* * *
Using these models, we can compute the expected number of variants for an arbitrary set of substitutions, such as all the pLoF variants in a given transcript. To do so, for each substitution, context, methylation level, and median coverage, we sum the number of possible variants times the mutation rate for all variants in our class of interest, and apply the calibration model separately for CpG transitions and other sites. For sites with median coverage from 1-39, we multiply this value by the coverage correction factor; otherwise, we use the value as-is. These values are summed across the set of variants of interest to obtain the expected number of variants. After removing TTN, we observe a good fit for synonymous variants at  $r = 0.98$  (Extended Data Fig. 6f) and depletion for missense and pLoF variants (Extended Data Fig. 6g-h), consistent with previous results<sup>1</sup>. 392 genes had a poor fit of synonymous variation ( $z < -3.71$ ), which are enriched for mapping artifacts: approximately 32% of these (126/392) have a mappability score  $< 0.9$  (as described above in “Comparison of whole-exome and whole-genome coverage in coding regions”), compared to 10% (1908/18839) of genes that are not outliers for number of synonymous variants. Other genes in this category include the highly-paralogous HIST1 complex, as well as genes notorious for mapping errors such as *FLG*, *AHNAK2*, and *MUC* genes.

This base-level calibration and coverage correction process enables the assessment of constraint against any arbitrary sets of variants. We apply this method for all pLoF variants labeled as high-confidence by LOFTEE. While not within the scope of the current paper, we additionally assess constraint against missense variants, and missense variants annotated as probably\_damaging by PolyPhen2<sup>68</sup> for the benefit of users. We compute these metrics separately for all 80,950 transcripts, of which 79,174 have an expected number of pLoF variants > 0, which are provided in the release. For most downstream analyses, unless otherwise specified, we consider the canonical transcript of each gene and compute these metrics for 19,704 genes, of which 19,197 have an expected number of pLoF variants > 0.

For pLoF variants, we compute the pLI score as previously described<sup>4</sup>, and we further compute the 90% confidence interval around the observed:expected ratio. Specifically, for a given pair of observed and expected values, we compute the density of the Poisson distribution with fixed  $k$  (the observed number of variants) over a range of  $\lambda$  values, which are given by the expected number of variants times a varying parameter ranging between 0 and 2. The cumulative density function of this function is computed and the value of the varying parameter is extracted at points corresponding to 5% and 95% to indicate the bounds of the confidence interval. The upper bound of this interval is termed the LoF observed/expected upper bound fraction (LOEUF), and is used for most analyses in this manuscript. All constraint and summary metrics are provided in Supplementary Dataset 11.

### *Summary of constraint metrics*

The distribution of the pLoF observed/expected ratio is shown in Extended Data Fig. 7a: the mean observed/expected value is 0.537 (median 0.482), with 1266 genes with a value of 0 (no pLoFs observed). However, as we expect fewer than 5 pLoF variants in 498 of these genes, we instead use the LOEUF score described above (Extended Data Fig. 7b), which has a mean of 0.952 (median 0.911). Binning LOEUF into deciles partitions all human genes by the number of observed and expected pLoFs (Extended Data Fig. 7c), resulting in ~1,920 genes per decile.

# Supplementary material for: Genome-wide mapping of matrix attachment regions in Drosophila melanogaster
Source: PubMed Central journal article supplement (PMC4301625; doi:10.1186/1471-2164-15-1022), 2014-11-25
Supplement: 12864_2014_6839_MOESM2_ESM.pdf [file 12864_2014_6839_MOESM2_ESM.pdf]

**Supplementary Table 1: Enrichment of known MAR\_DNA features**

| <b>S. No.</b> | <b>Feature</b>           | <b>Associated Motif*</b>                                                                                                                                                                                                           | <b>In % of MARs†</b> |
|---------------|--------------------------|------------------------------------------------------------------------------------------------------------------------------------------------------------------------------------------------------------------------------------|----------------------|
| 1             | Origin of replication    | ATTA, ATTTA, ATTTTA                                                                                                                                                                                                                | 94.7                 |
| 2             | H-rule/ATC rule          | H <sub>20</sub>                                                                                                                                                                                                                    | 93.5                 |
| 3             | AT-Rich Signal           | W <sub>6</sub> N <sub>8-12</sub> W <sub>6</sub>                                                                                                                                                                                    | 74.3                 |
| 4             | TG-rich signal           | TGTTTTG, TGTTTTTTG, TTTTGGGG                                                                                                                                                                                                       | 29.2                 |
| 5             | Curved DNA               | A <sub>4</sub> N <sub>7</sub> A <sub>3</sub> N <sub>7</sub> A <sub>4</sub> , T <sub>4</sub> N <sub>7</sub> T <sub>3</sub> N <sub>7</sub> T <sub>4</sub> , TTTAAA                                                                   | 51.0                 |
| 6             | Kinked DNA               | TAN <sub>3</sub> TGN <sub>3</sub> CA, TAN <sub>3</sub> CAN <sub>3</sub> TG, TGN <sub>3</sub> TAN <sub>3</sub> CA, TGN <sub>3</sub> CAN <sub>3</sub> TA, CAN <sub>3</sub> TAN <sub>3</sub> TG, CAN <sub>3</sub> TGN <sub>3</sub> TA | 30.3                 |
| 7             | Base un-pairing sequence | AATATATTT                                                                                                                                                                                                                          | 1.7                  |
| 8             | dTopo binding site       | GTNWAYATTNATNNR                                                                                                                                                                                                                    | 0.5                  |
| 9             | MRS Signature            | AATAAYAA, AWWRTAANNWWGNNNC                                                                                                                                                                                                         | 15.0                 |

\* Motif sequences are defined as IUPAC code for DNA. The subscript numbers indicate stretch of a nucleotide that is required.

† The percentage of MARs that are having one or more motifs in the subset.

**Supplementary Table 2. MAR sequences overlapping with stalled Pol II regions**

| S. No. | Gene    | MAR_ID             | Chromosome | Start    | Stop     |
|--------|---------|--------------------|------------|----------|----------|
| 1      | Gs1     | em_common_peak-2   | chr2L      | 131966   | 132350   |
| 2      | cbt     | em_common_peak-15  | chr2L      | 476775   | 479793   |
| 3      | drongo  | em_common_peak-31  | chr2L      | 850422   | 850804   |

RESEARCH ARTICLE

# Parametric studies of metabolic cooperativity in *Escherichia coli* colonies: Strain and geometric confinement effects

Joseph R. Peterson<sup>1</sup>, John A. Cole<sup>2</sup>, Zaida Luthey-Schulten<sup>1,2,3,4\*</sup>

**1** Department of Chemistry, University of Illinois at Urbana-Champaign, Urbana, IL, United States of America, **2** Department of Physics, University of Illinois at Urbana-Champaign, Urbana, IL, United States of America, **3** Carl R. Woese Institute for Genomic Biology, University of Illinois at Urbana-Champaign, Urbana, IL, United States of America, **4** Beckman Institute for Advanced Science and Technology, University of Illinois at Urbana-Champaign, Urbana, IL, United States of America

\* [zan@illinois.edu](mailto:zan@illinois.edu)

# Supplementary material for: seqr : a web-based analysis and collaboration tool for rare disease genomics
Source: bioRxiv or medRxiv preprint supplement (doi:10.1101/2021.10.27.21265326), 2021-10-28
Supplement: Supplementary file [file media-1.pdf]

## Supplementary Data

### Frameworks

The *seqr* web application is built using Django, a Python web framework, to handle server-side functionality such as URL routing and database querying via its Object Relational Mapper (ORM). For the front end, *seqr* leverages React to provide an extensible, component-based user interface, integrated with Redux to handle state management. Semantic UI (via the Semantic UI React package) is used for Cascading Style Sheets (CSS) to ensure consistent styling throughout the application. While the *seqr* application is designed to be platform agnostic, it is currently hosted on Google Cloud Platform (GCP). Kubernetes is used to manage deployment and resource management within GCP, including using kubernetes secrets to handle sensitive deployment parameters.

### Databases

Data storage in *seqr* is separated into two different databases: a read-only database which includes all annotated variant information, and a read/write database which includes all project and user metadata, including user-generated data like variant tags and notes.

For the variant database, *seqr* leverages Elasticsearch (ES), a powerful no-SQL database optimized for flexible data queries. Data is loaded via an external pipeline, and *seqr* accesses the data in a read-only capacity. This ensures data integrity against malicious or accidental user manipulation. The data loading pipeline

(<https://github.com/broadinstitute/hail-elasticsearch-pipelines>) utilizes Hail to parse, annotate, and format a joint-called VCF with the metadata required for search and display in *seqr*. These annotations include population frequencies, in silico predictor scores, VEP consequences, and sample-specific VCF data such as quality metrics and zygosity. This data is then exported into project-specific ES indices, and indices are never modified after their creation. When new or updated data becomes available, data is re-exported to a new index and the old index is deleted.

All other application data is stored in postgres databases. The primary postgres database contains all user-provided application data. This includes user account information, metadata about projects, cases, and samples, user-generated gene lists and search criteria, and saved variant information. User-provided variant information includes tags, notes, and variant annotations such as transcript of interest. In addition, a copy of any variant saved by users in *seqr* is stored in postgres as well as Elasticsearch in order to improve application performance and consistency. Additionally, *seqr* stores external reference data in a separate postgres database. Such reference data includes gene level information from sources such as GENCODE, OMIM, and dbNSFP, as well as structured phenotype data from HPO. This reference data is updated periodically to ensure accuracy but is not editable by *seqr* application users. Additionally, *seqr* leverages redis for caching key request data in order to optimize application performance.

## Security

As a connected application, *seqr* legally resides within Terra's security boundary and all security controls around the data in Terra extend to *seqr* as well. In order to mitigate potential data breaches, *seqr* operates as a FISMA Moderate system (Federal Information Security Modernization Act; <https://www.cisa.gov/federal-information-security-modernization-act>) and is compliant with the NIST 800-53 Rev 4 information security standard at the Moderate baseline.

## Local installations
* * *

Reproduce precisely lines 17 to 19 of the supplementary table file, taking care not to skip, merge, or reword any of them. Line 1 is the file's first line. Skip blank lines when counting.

| 6             | Kinked DNA               | TAN <sub>3</sub> TGN <sub>3</sub> CA, TAN <sub>3</sub> CAN <sub>3</sub> TG, TGN <sub>3</sub> TAN <sub>3</sub> CA, TGN <sub>3</sub> CAN <sub>3</sub> TA, CAN <sub>3</sub> TAN <sub>3</sub> TG, CAN <sub>3</sub> TGN <sub>3</sub> TA | 30.3                 |
| 7             | Base un-pairing sequence | AATATATTT                                                                                                                                                                                                                          | 1.7                  |
| 8             | dTopo binding site       | GTNWAYATTNATNNR                                                                                                                                                                                                                    | 0.5                  |